- mundane (adj.)
- mid-15c., "of this world,"
- ...from Late Latin mundanus "belonging to the world" (as distinct from the Church),
- ... from mundus "universe, world," literally "clean, elegant";
- used as a translation of Greek kosmos in its Pythagorean sense of "the physical universe" (the original sense of the Greek word was "orderly arrangement")
Overshadowed by events in Paris, Myanmar (Burma) had good news on Friday the 13th:
after decades of military rule, the landslide victory of the democratic party of Nobel peace prize winner Aung San Suu Kyi, who now becomes the country's de facto leader.
I'd edited a book on Myanmar years ago, so I've kind of been waiting for but not counting on this.
It's pretty amazing.
Now, can Aung San Suu Kyi become a good leader and create what she called a "reconciliation government", like Nelson Mandela did?
We shall see.
It's hopeful anyway.
The Guardian's Q&A on the election
World War III
When I was a kid, I wondered if, in the nature of numbers, since we'd had two world wars, if we'd have a third.
Yesterday I thought, Hm, we seem to be in the middle of it, and have been for quite a while. (As an American who doesn't know anyone in the military, it can be insanely easy on a day-to-day basis to forget that we're at war, and have been for fourteen+ years.)
Has anyone else named it World War III?
Pope Francis has.
Last year, on September 13, 2014, he said,
"After the second failure of another world war, perhaps one can speak of a third war, one fought piecemeal, with crimes, massacres, destruction."
Oh--huh---a little more searching, and I see Thomas Friedman called it World War III fourteen years ago––two days after the 9/11 attacks, in his still-relevant opinion piece in the NYT:
"Does my country really understand that this is World War III? And if this attack was the Pearl Harbor of World War III, it means there is a long, long war ahead.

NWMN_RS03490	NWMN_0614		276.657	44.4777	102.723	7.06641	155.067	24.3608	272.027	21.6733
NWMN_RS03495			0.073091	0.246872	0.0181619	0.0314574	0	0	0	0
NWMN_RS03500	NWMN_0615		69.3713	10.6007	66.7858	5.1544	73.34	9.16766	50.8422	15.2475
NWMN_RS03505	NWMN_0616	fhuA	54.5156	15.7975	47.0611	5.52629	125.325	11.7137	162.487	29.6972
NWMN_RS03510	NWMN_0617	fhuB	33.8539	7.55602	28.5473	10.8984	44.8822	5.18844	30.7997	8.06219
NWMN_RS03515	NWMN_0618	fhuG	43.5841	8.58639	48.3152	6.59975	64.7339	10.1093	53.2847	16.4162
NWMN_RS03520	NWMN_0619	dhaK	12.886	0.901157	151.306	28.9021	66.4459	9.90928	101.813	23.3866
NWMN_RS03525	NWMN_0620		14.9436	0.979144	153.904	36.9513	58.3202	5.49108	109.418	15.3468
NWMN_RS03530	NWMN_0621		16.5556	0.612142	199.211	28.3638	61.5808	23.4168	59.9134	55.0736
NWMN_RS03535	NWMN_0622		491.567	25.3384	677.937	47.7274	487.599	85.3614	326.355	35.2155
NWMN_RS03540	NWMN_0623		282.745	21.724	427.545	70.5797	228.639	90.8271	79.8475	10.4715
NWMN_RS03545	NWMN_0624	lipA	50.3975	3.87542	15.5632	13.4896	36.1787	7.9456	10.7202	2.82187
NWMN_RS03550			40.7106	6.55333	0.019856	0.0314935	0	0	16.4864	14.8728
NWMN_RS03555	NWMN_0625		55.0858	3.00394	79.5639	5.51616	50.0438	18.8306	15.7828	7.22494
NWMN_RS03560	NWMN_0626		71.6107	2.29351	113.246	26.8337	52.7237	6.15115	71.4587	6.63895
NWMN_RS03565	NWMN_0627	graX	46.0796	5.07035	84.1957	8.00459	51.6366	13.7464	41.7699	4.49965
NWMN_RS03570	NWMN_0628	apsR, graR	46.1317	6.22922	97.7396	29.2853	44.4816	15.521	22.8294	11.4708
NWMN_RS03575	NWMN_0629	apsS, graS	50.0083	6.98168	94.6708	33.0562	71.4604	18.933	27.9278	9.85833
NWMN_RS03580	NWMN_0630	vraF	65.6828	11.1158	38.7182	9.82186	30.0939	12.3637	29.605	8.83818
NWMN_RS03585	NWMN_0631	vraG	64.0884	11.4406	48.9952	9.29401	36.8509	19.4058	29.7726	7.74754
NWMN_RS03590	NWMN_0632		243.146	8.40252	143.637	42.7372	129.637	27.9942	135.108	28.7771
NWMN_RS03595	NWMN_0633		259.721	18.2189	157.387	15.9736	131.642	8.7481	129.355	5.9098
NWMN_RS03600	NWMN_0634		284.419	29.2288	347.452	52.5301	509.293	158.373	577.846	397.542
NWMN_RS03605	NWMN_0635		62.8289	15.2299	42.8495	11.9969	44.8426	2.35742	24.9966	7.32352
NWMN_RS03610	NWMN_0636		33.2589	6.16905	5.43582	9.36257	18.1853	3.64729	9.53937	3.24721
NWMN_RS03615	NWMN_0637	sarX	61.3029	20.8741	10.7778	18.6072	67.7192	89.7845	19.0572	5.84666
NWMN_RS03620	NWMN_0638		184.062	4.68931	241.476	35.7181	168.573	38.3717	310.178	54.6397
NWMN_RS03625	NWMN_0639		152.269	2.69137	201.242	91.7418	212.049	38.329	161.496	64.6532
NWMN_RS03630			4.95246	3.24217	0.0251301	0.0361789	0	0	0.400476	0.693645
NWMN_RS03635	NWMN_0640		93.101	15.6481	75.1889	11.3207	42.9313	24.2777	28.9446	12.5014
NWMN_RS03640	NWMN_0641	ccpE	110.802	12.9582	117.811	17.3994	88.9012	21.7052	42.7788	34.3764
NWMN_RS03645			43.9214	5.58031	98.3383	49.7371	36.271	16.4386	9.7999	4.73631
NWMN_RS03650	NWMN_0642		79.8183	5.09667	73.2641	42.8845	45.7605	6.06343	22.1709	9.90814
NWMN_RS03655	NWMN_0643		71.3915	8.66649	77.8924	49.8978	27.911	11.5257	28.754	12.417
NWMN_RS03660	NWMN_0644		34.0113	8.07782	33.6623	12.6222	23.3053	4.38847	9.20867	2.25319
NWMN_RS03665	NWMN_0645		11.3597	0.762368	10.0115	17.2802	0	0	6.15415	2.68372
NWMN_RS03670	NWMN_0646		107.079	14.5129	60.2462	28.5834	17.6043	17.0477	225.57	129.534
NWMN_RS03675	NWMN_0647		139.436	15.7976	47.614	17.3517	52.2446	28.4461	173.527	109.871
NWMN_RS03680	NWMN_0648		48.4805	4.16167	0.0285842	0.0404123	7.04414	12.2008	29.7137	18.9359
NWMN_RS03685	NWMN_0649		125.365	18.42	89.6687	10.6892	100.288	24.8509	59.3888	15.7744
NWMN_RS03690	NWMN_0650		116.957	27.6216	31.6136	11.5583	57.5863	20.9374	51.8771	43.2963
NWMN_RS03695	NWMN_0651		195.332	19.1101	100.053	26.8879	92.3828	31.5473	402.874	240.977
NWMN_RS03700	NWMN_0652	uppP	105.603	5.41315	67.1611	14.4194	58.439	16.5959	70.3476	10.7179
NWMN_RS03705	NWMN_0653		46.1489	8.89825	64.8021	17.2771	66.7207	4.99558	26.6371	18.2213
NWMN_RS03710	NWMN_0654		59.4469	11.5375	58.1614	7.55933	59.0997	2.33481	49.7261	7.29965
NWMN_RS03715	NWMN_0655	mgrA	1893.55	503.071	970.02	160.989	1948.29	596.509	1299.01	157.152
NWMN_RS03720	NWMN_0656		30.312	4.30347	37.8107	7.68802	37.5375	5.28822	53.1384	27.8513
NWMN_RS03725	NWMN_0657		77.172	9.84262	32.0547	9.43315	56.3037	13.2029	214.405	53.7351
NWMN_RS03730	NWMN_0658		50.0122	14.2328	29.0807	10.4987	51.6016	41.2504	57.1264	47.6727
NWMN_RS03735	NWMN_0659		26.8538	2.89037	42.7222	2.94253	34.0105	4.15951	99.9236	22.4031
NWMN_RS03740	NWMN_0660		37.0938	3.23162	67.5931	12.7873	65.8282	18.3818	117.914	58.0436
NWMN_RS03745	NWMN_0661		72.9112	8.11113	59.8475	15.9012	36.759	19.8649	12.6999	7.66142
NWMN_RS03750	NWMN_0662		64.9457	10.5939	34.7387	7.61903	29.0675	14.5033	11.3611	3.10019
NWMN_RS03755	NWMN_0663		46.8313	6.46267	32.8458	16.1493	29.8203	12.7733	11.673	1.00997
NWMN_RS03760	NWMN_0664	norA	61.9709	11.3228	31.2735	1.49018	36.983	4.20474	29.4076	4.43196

"When I remarked to an Israeli military official what an amazing technological feat it was for the terrorists to hijack the planes and then fly them directly into the most vulnerable spot in each building, he pooh-poohed me.
'It's not that difficult to learn how to fly a plane once it's up in the air,' he said. 'And remember, they never had to learn how to land.'"No, they didn't. They only had to destroy.We, by contrast, have to fight in a way that is effective without destroying the very open society we are trying to protect. We have to fight hard and land safely. We have to fight the terrorists as if there were no rules, and preserve our open society as if there were no terrorists.
It won't be easy. It will require our best strategists, our most creative diplomats and our bravest soldiers."
Leaders who know how to land?
We're going to need a bigger bar of chocolate...
And a supply of musicians willing to play in the ruins.
A friend tole me that the picture of the man playing piano in Paris yesterday reminded him of the Cellist of Sarajevo who played in public during the Bosnian War in the 1990s. . .
. . . "most notably Albinoni's Adagio in G Minor".
[Trigger warning: heart-piercingly sad music]
The photographer of the above photo, Mikhail Evstafiev, says:
"This image is one of my favourites. It was taken during the war in 1992 in Sarajevo in the partially destroyed National Library. The cello player is local musician Vedran Smailović, who often came to play for free at different funerals during the siege despite the fact that funerals were often targeted by Serb forces."